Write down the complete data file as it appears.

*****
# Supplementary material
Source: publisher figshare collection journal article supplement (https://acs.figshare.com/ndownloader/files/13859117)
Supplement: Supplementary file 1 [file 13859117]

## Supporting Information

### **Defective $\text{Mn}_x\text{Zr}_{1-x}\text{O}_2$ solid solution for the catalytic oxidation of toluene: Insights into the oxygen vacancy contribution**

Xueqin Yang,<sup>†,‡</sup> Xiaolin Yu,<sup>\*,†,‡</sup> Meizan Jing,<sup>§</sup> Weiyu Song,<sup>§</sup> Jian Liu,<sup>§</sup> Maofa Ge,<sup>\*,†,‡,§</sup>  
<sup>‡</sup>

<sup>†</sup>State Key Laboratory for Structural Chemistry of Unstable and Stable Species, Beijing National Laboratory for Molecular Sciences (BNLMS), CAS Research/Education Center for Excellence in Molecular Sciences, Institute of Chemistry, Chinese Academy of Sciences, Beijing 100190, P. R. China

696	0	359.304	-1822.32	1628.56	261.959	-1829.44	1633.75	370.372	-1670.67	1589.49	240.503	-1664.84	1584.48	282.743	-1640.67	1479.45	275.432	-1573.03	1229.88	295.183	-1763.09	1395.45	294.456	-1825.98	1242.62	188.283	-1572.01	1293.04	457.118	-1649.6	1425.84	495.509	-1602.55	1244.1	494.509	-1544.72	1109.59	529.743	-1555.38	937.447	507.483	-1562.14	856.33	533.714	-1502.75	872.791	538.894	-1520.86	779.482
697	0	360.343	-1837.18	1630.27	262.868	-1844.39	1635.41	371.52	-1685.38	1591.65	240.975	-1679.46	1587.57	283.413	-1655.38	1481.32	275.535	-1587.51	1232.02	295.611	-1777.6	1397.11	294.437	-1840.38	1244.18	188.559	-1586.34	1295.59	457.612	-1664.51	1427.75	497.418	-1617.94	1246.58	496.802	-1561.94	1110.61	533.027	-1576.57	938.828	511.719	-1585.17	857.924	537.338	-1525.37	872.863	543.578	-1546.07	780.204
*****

# Supplementary material
Source: publisher figshare collection journal article supplement (https://acs.figshare.com/ndownloader/files/13859117)
Supplement: Supplementary file 1 [file 13859117]

## Supporting Information

### **Defective $\text{Mn}_x\text{Zr}_{1-x}\text{O}_2$ solid solution for the catalytic oxidation of toluene: Insights into the oxygen vacancy contribution**

Xueqin Yang,<sup>†,‡</sup> Xiaolin Yu,<sup>\*,†,‡</sup> Meizan Jing,<sup>§</sup> Weiyu Song,<sup>§</sup> Jian Liu,<sup>§</sup> Maofa Ge,<sup>\*,†,‡,§</sup>  
<sup>‡</sup>

<sup>†</sup>State Key Laboratory for Structural Chemistry of Unstable and Stable Species, Beijing National Laboratory for Molecular Sciences (BNLMS), CAS Research/Education Center for Excellence in Molecular Sciences, Institute of Chemistry, Chinese Academy of Sciences, Beijing 100190, P. R. China

696	0	359.304	-1822.32	1628.56	261.959	-1829.44	1633.75	370.372	-1670.67	1589.49	240.503	-1664.84	1584.48	282.743	-1640.67	1479.45	275.432	-1573.03	1229.88	295.183	-1763.09	1395.45	294.456	-1825.98	1242.62	188.283	-1572.01	1293.04	457.118	-1649.6	1425.84	495.509	-1602.55	1244.1	494.509	-1544.72	1109.59	529.743	-1555.38	937.447	507.483	-1562.14	856.33	533.714	-1502.75	872.791	538.894	-1520.86	779.482
697	0	360.343	-1837.18	1630.27	262.868	-1844.39	1635.41	371.52	-1685.38	1591.65	240.975	-1679.46	1587.57	283.413	-1655.38	1481.32	275.535	-1587.51	1232.02	295.611	-1777.6	1397.11	294.437	-1840.38	1244.18	188.559	-1586.34	1295.59	457.612	-1664.51	1427.75	497.418	-1617.94	1246.58	496.802	-1561.94	1110.61	533.027	-1576.57	938.828	511.719	-1585.17	857.924	537.338	-1525.37	872.863	543.578	-1546.07	780.204